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Grub Street in London last year republished one of my, hmmm, I’d say 15? favourite cookbooks of all time– The Everyone Eats Well in Belgium Cookbook, by Ruth Waerebeek with Maria Robbins.  This is a presentation of Belgian cuisine written to honour the author’s great-grandmother, grandmother, and mother within historical backgrounds and as individual personalities.  It’s a collection of recipes that feel definitive yet friendly, elegant but possible to accomplish, familiar yet novel.

At first I was taken aback by choices the publishers made in the redesign of the book.  The original edition of 1996 has headings in cursive and charming line drawings and sidebars with historical and cultural tidbits.  I’d grown attached to this book in this style.  Grub Street’s republish has striking, stylised “food-porn” quality photographs and a very close and expert attention to lettering style and layout, colour and design. The Taste of Belgium, as it’s been renamed, feels as important as the book is, which is a good thing, even if I miss the cosier quality of the earlier edition.  But I’m happy, out of print as it was, many more readers and cooks will be able to explore the delicious and savoury comfort dishes that tempt one, page after page, of either version. And the new one is beautiful indeed, masterfully designed, a book to really look at, to visually take in.

For all the dishes I’ve made through the years, Cream of Spinach Soup with Sorrel, Flemish Potato Buttermilk Soup, Roast Pheasant with Carmelised Apples, Sautéed Turnips with Cinnamon, Waterlzooi of Chicken (to name a classic), I’ve always been struck how relevant this book is to British locality (even if I find myself substituting for endive when it’s too expensive or unavailable– much as I love and try to grow it).  I notice two for salsify — “Creamed” and “My Mother’s with Mustard” which would be useful to people with those arriving in your veg boxes.  Certainly the sumptuous variety of ways to prepare root vegetables, cabbage and small game feels accessible to a British palate looking for some culinary reinvention.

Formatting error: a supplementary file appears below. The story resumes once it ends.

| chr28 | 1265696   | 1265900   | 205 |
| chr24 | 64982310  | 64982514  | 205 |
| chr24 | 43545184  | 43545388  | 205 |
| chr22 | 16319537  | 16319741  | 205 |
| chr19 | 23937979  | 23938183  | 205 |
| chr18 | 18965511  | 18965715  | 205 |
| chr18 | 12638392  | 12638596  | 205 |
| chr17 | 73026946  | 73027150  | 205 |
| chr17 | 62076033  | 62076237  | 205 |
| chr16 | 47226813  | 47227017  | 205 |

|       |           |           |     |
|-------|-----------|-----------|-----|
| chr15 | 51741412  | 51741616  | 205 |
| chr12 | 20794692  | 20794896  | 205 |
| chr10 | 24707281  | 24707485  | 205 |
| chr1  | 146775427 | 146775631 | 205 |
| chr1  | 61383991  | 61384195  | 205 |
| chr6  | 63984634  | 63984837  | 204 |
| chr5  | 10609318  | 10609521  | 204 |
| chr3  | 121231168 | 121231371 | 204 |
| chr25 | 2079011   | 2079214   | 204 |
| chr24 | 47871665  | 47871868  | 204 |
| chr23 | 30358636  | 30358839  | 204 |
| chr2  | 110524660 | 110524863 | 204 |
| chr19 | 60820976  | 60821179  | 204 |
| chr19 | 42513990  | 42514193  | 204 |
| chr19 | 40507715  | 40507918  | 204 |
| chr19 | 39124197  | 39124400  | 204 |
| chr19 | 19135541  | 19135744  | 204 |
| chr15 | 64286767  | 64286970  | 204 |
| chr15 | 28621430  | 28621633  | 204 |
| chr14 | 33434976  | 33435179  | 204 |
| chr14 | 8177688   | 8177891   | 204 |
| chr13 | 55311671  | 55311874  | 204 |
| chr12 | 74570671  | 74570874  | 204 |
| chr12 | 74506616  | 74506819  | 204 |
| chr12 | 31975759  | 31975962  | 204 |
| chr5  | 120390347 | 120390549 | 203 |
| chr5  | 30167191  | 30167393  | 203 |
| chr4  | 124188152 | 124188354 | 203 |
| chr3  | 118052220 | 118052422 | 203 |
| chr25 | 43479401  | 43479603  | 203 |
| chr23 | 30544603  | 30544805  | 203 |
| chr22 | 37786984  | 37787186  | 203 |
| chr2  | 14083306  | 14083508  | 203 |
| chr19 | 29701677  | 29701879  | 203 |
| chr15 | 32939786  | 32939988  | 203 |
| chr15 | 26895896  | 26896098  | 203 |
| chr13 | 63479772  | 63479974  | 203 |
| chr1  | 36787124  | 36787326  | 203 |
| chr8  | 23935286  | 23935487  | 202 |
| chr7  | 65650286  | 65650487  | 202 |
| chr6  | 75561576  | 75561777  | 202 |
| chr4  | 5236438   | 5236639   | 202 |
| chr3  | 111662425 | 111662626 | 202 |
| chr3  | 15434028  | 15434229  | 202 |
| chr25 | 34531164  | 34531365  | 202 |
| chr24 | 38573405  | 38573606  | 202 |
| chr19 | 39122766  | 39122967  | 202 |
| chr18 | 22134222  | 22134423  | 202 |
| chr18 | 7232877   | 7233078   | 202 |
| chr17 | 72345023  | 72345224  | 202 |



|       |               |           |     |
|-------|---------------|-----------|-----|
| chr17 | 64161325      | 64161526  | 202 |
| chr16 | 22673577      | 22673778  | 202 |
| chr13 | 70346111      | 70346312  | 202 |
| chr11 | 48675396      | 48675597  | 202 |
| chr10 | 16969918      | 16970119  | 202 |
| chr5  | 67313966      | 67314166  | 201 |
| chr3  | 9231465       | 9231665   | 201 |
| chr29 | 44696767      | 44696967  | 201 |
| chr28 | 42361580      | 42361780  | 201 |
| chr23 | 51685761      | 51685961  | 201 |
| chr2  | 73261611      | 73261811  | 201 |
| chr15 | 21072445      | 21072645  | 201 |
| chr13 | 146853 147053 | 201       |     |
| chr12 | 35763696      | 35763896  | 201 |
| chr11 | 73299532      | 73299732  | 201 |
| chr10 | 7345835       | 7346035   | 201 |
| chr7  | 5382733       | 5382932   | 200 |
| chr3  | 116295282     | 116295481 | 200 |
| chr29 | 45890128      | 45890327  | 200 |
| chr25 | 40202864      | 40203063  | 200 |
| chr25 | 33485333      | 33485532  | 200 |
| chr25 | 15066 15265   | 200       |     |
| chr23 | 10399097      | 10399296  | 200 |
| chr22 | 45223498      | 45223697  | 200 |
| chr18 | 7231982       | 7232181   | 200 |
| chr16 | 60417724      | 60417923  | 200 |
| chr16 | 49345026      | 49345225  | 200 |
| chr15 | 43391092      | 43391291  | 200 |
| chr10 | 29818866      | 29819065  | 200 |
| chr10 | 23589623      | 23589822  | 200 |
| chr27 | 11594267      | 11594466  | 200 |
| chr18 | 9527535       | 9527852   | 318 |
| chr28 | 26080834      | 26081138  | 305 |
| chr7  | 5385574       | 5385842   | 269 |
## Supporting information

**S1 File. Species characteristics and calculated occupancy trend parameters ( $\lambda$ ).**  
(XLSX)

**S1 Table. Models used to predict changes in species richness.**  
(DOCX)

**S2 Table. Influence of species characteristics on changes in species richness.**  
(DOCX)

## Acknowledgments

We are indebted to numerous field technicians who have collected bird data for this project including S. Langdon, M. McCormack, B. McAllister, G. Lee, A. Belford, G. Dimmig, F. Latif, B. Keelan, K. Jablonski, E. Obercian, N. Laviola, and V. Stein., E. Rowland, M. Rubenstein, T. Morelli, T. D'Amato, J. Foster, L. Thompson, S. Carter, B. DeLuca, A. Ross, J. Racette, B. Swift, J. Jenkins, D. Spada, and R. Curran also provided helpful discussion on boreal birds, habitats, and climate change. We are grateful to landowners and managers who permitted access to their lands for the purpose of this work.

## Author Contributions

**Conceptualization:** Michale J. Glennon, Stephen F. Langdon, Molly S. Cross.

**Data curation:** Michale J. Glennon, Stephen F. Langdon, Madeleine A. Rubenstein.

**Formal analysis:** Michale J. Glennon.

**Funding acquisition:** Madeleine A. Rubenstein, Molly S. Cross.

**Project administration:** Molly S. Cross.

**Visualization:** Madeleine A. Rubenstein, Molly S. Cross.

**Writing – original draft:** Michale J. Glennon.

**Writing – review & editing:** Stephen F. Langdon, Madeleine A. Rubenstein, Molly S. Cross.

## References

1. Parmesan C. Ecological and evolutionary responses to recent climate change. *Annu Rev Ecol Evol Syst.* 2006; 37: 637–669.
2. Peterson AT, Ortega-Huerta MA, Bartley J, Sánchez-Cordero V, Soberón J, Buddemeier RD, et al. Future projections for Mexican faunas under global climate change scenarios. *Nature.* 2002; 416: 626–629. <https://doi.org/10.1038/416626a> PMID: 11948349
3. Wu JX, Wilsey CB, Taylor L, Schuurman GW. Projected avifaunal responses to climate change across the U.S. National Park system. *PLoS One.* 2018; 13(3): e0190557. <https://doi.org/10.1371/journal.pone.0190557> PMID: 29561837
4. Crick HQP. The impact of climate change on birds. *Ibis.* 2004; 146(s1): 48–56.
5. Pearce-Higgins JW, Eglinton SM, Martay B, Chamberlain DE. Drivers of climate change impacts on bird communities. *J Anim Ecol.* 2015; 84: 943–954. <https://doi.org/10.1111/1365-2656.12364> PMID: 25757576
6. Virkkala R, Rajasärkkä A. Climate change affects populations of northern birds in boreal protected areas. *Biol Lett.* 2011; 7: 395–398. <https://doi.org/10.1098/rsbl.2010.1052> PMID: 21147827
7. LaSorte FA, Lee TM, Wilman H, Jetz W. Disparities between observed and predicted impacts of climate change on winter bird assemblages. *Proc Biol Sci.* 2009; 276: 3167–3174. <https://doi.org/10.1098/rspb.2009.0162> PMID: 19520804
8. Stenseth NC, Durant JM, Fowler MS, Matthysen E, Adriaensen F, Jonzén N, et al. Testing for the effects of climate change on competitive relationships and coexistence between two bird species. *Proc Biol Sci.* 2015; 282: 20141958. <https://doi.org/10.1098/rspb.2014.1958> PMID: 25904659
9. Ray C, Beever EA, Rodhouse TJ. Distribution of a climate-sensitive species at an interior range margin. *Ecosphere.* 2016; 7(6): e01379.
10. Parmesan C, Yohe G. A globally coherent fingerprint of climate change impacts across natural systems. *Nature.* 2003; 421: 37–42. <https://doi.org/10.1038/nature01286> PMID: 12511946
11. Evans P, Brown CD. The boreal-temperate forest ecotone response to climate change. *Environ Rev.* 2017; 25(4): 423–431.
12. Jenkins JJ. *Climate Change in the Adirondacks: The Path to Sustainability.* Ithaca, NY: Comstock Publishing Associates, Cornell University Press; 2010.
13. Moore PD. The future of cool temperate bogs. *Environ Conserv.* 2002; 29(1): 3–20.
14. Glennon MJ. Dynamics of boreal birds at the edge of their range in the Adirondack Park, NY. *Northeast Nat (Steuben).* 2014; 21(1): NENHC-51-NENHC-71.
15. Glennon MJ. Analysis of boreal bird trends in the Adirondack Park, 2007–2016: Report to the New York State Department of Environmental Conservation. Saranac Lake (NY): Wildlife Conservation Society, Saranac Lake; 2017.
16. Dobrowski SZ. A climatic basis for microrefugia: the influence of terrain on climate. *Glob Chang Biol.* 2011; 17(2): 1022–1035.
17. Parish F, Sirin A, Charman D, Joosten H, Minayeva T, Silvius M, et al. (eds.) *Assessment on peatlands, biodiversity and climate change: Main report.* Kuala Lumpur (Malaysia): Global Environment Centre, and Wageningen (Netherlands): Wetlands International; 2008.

Recently though I’ve found myself repeatedly making “Belgian-Style Fresh Cheese with Herbs and Radishes,”  reinvented as Fromage Blanc Probiotique aux Herbes which is such a lovely name for Kefir Cheese blended with minced garden herbs like chives, parsley and fennel fronds, which happen to be happening for us at the moment.  It’s odd perhaps that I’m most grateful to this book for this discovery, but so be it.

(In Waerebeek’s recipe, she suggests white wine and chives, parsley, chervil, tarragon, salt and pepper all as possibilities, keeping anything seasonal or available as an option. )

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Kefir is a dairy beverage cultured/ preserved/ fermented with “grains” of probiotic, good bacteria that slightly sour the milk, giving it a pleasant tang and sometimes mild effervescence.  I’m joining the Kefir bandwagon in believing that its use in daily breakfast smoothies are conferring great healing benefits to my children.  So I am making it daily — simply by adding grains I bought cheaply on the internet to fresh milk and letting the mixture sit overnight at room temperature.  I thought to use it in place of 4 parts milk/1 part buttermilk mixture Waerebeek suggests for “Homemade Fresh Cheese.”  Buttermilk and Kefir for me have become interchangeable.

Then it’s simple.  You strain the grains, keeping them to begin the next batch.  You put a cheesecloth or muslin or even a linen napkin in a strainer set over a jug or deep bowl, and pour the kefir in.

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As time passes, a minimal few hours but up to overnight, the liquid whey separates and drips down and out and the kefir becomes increasingly cheese like, much like cream cheese. (When this is done with yoghurt, it can be called labneh.)  Reserve your whey for other uses.

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Then you scrape the solid “curds”off the cloth.

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…and mix it with pureed herbs — chives reminding me so much of “scallion cream cheese” in the world of New York bagelry.

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…or in the case of today, ramson leaves (i.e. wild garlic, or ramps) I purposely planted last year in our garden.  And then in an inspired moment I added beloved Hairy Bittercress which are tiny leaves peppery as one knows a cress to be.  And spread the fresh cheese mixture (which I’d salted) on a rice cake. “Because it’s there.”  And sprinkled with dandelion petals.  Because it’s spring.

And because Ruth Waerebeek’s great-grandmother Marie, “always prepared Fresh Cheese with Herbs (and Radishes) when we came to visit and served it for the traditional afternoon snack… But her Platte Kaas never tasted the same twice. The herbs came from her garden , and her choices depended on what struck her fancy that morning…”   One get’s rather attached to Waerebeek’s culinary matriarchs in this very recommended book…

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